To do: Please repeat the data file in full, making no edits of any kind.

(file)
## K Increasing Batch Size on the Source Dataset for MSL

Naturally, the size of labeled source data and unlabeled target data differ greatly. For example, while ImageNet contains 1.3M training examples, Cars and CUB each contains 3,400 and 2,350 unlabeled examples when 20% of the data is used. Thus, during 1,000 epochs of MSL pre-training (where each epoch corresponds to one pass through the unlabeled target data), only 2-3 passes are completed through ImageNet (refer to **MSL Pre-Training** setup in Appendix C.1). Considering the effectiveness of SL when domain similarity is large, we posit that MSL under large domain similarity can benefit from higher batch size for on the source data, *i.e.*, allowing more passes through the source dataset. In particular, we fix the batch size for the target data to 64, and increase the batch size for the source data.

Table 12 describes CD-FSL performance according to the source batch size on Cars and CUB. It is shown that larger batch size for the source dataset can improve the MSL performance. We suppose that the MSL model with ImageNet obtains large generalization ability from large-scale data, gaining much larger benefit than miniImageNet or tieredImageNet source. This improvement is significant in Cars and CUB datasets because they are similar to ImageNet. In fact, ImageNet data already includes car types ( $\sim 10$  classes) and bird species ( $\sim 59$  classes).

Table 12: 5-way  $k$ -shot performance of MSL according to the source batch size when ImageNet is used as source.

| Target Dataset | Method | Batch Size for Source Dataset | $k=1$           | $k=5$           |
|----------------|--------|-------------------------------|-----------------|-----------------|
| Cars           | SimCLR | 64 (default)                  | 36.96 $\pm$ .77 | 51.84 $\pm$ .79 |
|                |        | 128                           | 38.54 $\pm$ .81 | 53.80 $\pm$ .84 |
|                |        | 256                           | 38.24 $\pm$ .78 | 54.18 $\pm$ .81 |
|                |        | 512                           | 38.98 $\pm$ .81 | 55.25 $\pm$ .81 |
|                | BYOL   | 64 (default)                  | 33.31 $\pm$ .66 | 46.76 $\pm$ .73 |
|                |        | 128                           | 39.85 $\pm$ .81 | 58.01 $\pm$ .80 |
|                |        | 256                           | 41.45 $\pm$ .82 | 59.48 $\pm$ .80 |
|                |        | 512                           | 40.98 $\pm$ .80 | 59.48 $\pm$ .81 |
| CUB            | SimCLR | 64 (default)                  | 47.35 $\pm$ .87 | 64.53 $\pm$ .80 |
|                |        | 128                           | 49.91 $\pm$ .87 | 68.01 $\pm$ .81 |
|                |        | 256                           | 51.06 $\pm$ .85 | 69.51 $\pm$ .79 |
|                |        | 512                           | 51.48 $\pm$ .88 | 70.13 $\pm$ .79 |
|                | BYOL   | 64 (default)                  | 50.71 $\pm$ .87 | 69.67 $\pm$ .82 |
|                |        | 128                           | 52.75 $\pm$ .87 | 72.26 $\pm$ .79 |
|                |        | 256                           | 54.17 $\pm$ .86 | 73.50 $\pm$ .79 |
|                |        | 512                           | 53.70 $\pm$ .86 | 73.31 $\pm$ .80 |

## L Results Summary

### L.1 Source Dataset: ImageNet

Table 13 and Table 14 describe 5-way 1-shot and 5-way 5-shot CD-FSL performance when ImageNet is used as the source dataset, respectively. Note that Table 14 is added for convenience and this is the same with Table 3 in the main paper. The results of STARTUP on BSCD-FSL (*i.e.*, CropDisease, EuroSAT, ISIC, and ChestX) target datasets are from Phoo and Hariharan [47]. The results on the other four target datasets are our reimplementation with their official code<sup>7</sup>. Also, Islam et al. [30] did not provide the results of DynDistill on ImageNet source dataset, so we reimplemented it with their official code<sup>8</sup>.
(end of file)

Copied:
## K Increasing Batch Size on the Source Dataset for MSL

Naturally, the size of labeled source data and unlabeled target data differ greatly. For example, while ImageNet contains 1.3M training examples, Cars and CUB each contains 3,400 and 2,350 unlabeled examples when 20% of the data is used. Thus, during 1,000 epochs of MSL pre-training (where each epoch corresponds to one pass through the unlabeled target data), only 2-3 passes are completed through ImageNet (refer to **MSL Pre-Training** setup in Appendix C.1). Considering the effectiveness of SL when domain similarity is large, we posit that MSL under large domain similarity can benefit from higher batch size for on the source data, *i.e.*, allowing more passes through the source dataset. In particular, we fix the batch size for the target data to 64, and increase the batch size for the source data.

Table 12 describes CD-FSL performance according to the source batch size on Cars and CUB. It is shown that larger batch size for the source dataset can improve the MSL performance. We suppose that the MSL model with ImageNet obtains large generalization ability from large-scale data, gaining much larger benefit than miniImageNet or tieredImageNet source. This improvement is significant in Cars and CUB datasets because they are similar to ImageNet. In fact, ImageNet data already includes car types ( $\sim 10$  classes) and bird species ( $\sim 59$  classes).

Table 12: 5-way  $k$ -shot performance of MSL according to the source batch size when ImageNet is used as source.

| Target Dataset | Method | Batch Size for Source Dataset | $k=1$           | $k=5$           |
|----------------|--------|-------------------------------|-----------------|-----------------|
| Cars           | SimCLR | 64 (default)                  | 36.96 $\pm$ .77 | 51.84 $\pm$ .79 |
|                |        | 128                           | 38.54 $\pm$ .81 | 53.80 $\pm$ .84 |
|                |        | 256                           | 38.24 $\pm$ .78 | 54.18 $\pm$ .81 |
|                |        | 512                           | 38.98 $\pm$ .81 | 55.25 $\pm$ .81 |
|                | BYOL   | 64 (default)                  | 33.31 $\pm$ .66 | 46.76 $\pm$ .73 |
|                |        | 128                           | 39.85 $\pm$ .81 | 58.01 $\pm$ .80 |
|                |        | 256                           | 41.45 $\pm$ .82 | 59.48 $\pm$ .80 |
|                |        | 512                           | 40.98 $\pm$ .80 | 59.48 $\pm$ .81 |
| CUB            | SimCLR | 64 (default)                  | 47.35 $\pm$ .87 | 64.53 $\pm$ .80 |
|                |        | 128                           | 49.91 $\pm$ .87 | 68.01 $\pm$ .81 |
|                |        | 256                           | 51.06 $\pm$ .85 | 69.51 $\pm$ .79 |
|                |        | 512                           | 51.48 $\pm$ .88 | 70.13 $\pm$ .79 |
|                | BYOL   | 64 (default)                  | 50.71 $\pm$ .87 | 69.67 $\pm$ .82 |
|                |        | 128                           | 52.75 $\pm$ .87 | 72.26 $\pm$ .79 |
|                |        | 256                           | 54.17 $\pm$ .86 | 73.50 $\pm$ .79 |
|                |        | 512                           | 53.70 $\pm$ .86 | 73.31 $\pm$ .80 |

## L Results Summary

### L.1 Source Dataset: ImageNet

Table 13 and Table 14 describe 5-way 1-shot and 5-way 5-shot CD-FSL performance when ImageNet is used as the source dataset, respectively. Note that Table 14 is added for convenience and this is the same with Table 3 in the main paper. The results of STARTUP on BSCD-FSL (*i.e.*, CropDisease, EuroSAT, ISIC, and ChestX) target datasets are from Phoo and Hariharan [47]. The results on the other four target datasets are our reimplementation with their official code<sup>7</sup>. Also, Islam et al. [30] did not provide the results of DynDistill on ImageNet source dataset, so we reimplemented it with their official code<sup>8</sup>.